John tells us that this is the first of Jesus’ signs, which is his word for miracles. John calls them signs because, in his mind, they don’t just display Jesus’ power; like a sign, they symbolize or say something in particular about who Jesus is or what he does. For John, they communicate something specific about the nature of Jesus’ life and how his life interacts with ours. God is revealing God’s glory through Jesus incrementally—shining the light on him from a different angle each time—and when we read them the way John unpacks them we can better understand how precious Jesus really is.

You see, for the guests at that wedding party, the members of that village and those families who were gathered there, the amazing thing that happened was that the water turned to wine. For the bridegroom, the astonishing, marvelous occurrence was the rebirth of his party. For the steward, the miracle was that the generosity of the bridegroom: he had saved the best wine for last.

But we know that the real miracle, the real sign, was the guest who made this transformation happen. His presence, his love, his grace has the ability to take what is a bleak and dire situation and make it new and hopeful again. His death on the cross—the hour of his ultimate glory, the hour he really came for—will transform the bleakest of situations, the deadest and most macabre of parties into an experience of everlasting life and renewal for us. In other words, Jesus is God’s glorious new wine that is poured out for everyone at just the right moment. It is being poured out now. Any time sins are forgiven, relationships are rebuilt, hope is restored, or pain is shared…there is Jesus bringing new life to an urgent situation.

There are a lot of characters in this story all running around...Mary, Jesus, of course, but also the disciples, the steward, the bridegroom, dozens of guests. What if the church were to see itself in this story as those stone jars? What if the church, the body of Christ, were to serve in the world as the vessels through which the world can taste the life-giving wine of Christ? In fact, that becomes the basis of my prayer for the church today, especially during this Week of Prayer for Christian Unity: that we can learn to understand ourselves not so much as people who are trying to keep an institution afloat or an organization up and running, but instead as a vessel, a trough, that presents to everyone the transformation that is Jesus’ love. My hope is that we can learn on an ever deeper level that we do not exist for ourselves and our own self-betterment but that we are offered up in the glory of Christ to be present in the midst of a suffering world.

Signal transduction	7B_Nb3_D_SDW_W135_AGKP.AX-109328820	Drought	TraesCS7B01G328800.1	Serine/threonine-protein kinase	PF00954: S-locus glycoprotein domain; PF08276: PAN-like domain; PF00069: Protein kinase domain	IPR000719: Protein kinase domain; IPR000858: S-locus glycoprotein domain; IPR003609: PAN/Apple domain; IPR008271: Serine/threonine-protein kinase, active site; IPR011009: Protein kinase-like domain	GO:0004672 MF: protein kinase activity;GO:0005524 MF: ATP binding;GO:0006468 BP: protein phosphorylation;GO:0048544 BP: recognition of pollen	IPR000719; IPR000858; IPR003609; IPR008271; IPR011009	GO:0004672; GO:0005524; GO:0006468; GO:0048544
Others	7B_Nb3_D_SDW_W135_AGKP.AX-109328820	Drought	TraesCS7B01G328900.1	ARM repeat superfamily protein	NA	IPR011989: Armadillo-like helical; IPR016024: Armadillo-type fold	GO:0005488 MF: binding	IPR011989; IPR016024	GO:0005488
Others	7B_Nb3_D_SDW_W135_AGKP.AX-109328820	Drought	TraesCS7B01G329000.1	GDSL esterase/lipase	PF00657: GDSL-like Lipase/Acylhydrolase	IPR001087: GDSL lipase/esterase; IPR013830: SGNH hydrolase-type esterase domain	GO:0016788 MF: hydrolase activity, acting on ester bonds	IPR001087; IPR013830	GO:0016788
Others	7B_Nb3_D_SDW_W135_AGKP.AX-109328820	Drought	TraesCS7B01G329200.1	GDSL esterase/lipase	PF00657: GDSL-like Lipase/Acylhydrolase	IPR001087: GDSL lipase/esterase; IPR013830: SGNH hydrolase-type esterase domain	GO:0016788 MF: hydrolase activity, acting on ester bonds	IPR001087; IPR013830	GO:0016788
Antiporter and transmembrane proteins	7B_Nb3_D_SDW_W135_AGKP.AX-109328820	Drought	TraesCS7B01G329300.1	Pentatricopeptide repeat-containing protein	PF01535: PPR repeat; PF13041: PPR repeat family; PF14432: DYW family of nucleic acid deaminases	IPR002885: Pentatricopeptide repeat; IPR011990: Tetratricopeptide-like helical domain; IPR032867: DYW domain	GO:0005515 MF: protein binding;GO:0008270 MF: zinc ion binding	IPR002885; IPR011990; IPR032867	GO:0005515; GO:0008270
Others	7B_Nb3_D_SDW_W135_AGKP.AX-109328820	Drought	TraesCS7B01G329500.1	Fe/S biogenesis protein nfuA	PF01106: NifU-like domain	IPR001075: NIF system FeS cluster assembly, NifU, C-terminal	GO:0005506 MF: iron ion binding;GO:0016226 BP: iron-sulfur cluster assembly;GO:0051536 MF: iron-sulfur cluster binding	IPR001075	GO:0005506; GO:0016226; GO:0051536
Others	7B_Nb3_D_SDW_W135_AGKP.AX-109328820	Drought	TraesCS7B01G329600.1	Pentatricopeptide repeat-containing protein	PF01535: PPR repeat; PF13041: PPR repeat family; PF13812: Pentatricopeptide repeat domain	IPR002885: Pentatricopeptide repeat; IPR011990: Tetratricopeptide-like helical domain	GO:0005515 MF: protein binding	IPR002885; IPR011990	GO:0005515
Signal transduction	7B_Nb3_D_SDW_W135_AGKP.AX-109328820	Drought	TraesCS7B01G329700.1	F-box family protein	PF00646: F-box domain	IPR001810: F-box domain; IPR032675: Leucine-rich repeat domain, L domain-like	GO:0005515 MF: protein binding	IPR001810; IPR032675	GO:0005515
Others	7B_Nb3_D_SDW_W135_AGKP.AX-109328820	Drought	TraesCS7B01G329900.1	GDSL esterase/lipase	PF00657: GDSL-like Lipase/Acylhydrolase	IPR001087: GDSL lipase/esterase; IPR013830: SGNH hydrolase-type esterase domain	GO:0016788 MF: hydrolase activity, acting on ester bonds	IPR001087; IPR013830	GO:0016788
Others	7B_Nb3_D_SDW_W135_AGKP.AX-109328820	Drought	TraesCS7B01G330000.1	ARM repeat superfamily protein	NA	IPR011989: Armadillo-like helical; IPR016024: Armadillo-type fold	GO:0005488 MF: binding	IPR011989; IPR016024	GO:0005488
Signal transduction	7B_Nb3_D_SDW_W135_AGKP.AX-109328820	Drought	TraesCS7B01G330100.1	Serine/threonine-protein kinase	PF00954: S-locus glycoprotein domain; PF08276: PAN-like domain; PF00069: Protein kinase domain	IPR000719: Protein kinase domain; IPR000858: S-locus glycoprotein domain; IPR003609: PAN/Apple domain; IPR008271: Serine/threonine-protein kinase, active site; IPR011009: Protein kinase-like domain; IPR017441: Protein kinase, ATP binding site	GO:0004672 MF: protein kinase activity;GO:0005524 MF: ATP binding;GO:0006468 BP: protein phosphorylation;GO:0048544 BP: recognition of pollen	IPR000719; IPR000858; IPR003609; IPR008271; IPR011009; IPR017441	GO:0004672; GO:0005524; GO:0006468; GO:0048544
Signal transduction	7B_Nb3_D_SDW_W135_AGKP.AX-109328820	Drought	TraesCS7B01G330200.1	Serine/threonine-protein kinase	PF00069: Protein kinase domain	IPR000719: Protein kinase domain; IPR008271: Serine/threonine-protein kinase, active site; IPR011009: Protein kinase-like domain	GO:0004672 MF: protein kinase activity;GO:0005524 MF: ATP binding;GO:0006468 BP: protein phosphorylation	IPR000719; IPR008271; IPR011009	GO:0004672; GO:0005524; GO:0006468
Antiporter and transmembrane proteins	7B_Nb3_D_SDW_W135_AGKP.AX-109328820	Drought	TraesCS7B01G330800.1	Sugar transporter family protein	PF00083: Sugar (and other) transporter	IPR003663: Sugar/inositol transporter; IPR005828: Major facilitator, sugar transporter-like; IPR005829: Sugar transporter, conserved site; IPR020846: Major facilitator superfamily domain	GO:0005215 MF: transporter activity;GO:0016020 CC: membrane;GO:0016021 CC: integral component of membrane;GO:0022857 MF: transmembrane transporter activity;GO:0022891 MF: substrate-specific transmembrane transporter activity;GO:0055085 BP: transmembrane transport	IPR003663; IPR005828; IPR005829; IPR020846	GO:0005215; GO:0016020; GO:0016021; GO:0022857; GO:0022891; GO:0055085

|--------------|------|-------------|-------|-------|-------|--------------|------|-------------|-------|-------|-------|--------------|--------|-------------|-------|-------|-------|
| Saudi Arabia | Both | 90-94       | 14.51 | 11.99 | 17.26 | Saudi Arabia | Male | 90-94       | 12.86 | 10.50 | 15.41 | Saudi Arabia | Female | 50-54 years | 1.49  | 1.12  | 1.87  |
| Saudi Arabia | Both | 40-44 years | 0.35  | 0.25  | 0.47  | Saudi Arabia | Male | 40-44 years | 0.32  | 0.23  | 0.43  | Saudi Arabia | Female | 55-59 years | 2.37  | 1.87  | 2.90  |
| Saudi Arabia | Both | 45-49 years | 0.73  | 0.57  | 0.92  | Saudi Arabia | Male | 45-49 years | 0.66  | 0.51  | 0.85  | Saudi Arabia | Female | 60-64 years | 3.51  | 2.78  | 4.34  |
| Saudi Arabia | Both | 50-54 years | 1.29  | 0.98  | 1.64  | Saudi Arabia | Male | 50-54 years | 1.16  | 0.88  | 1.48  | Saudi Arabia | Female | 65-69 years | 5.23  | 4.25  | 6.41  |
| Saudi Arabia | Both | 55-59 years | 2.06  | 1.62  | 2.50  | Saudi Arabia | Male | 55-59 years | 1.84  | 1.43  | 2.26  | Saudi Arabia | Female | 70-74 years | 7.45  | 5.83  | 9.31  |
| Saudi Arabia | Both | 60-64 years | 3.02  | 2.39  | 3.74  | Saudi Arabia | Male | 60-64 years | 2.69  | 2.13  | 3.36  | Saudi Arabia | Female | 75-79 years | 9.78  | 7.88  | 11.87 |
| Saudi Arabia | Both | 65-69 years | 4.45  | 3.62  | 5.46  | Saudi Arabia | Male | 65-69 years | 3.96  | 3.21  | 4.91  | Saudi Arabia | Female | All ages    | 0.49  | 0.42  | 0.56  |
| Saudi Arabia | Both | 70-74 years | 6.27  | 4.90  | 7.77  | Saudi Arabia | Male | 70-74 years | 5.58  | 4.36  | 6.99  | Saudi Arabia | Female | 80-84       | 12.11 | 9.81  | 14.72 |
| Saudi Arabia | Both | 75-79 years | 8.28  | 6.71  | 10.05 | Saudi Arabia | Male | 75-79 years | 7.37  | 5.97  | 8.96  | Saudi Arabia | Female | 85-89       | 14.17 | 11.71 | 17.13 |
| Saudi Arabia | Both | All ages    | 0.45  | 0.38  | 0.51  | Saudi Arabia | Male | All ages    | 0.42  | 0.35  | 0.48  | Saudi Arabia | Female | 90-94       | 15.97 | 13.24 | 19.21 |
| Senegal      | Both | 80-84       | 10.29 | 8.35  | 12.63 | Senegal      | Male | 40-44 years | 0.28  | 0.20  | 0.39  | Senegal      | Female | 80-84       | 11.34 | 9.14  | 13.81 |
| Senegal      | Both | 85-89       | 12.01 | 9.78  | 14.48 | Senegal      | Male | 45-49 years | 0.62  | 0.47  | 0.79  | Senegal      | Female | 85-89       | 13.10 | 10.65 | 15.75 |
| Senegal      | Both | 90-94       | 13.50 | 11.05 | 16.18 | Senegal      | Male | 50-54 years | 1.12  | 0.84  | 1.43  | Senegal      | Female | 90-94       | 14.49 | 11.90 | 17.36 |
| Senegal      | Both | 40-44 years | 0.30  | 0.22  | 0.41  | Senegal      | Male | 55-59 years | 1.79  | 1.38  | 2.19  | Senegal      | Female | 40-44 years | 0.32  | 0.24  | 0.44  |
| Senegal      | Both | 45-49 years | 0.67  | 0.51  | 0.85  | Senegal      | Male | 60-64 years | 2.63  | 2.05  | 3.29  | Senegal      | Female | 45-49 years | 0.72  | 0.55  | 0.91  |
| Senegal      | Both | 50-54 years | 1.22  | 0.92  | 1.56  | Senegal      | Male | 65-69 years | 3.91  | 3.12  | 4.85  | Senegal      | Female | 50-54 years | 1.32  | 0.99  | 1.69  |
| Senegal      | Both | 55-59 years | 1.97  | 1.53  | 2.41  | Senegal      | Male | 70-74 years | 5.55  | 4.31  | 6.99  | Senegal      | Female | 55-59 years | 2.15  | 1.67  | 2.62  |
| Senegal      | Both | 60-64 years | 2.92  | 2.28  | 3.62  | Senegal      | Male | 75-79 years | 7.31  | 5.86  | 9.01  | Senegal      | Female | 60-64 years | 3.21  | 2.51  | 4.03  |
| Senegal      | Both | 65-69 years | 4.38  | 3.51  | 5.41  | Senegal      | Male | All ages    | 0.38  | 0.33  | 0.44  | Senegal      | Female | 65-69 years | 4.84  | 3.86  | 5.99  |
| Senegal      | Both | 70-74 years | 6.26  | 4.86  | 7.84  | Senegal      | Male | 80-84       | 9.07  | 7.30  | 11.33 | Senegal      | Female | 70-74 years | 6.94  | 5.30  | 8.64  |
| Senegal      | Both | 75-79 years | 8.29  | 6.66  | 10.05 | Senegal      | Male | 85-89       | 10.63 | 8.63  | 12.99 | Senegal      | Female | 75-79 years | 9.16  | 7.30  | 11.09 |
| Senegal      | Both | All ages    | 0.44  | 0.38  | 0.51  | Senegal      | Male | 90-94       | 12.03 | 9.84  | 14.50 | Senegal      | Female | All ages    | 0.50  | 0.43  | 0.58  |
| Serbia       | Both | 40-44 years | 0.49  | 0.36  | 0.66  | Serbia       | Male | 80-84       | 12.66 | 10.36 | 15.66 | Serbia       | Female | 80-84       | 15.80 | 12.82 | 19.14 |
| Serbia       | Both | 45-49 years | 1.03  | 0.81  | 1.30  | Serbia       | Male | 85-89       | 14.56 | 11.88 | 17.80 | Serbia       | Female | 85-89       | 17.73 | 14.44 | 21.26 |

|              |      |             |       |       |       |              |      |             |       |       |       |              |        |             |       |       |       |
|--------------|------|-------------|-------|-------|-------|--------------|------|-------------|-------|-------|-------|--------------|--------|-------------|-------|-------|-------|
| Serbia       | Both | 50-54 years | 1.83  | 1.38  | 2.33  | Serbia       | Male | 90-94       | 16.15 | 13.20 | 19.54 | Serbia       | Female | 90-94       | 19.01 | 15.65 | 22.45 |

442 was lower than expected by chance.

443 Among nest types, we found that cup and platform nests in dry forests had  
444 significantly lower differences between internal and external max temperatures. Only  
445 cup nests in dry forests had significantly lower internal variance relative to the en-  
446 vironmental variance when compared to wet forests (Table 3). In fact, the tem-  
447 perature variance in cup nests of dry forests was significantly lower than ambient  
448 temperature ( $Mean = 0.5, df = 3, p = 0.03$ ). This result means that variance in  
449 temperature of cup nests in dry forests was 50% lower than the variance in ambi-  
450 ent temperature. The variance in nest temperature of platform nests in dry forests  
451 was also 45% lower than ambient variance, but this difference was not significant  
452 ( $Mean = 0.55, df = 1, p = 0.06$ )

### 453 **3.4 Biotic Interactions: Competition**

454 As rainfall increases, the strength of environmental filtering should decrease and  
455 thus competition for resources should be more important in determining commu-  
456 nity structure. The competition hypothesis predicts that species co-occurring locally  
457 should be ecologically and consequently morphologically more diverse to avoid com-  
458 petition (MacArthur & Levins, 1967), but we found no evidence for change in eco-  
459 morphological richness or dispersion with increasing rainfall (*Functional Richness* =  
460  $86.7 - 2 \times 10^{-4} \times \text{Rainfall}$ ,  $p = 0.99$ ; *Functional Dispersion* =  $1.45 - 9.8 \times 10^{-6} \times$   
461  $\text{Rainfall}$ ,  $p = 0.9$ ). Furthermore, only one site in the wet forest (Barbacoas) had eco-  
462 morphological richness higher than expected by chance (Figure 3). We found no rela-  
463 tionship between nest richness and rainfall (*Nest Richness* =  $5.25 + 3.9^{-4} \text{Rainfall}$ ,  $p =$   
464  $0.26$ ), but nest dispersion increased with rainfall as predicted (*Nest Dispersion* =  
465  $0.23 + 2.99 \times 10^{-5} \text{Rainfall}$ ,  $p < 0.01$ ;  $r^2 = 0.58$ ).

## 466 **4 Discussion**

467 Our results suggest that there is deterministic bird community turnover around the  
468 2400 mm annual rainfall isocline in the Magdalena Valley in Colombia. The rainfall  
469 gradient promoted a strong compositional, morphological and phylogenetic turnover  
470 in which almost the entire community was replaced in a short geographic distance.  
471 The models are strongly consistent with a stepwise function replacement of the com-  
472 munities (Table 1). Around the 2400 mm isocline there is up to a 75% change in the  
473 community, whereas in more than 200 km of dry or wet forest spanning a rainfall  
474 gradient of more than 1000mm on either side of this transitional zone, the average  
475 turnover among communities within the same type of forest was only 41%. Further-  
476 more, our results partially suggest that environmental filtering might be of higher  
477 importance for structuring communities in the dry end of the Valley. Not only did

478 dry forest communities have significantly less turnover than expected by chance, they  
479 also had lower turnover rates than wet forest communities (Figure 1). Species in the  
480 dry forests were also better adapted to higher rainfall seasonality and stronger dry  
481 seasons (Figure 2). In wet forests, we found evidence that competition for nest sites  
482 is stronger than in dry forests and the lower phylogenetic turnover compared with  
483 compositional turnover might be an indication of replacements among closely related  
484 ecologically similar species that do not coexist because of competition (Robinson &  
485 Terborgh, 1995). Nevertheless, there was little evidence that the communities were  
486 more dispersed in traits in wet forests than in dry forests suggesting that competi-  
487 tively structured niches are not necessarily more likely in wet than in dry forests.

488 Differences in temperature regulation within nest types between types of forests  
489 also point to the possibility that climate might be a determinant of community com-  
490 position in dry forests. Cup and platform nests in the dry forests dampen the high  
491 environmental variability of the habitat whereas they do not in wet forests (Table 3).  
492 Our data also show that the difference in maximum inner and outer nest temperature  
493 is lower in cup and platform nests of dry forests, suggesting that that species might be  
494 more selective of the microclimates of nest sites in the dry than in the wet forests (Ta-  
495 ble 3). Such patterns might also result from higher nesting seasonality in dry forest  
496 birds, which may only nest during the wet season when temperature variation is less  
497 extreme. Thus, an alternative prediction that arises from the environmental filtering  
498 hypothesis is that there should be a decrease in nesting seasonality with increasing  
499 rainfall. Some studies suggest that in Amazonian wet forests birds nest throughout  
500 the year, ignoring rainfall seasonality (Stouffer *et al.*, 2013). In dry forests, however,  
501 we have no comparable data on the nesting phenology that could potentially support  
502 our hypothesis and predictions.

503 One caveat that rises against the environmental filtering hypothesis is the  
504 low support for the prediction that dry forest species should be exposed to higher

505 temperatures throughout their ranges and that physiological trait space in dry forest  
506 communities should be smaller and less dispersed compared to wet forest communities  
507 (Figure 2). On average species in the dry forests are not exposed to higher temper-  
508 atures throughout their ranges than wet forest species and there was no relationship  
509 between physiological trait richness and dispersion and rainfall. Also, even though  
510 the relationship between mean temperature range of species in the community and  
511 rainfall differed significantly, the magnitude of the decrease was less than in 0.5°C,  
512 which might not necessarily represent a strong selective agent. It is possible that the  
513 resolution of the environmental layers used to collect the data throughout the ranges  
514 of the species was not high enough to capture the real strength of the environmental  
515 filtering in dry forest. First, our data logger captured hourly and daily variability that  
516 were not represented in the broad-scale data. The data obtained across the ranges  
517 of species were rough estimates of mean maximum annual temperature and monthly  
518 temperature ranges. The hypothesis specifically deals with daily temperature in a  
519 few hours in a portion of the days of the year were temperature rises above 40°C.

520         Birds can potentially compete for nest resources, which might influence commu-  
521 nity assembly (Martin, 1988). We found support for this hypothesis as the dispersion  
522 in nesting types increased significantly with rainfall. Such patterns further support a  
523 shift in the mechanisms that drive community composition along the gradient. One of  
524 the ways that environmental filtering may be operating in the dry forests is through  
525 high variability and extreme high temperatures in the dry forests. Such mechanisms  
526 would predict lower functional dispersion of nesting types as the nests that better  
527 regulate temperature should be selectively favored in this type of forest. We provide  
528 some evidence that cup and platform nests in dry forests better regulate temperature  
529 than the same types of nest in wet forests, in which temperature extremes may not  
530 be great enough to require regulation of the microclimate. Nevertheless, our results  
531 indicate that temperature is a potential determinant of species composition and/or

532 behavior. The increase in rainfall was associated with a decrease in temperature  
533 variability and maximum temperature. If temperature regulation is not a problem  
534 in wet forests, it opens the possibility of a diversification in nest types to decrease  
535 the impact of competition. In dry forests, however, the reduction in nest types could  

There has been so much talk in wider church lately, and even in the Virginia Synod about our mission and our relevance (whatever that means) to the world and society around us. In my mind, Jesus will always be relevant to a dying world, just as good wine will always be relevant—and life-giving—to a dying party. The question then becomes not who will save our party but how will we present his wine? How will we be active in faith and love for the community around us, to the friends and strangers we know and meet on an individual basis?

Times have changed, my friends. People, by and large, don’t just look for congregations to join. They’re looking for something that tastes good.  They need to know that life can be transformed, that the ordinary can really become extraordinary. And everyone here this morning is one of these vessels. Together, we are one big vessel that can present gallons upon gallons of faith to the world. In what ways are you being ladled up? How is the urgency of this moment calling us into action? Do we stand there like stone jars that think they can only be used for washing “because that’s all they’ve ever been used for?” Or do we hand ourselves over to the One who transforms, the One who gives us signs of the glory yet to come, so that the world will know what we know: “Hey, there’s a party going on here. Don’t go looking for a hotel just yet! Now is the time. And the best wine has just started flowing.”


Thanks be to God!

The Reverend Phillip W. Martin, Jr.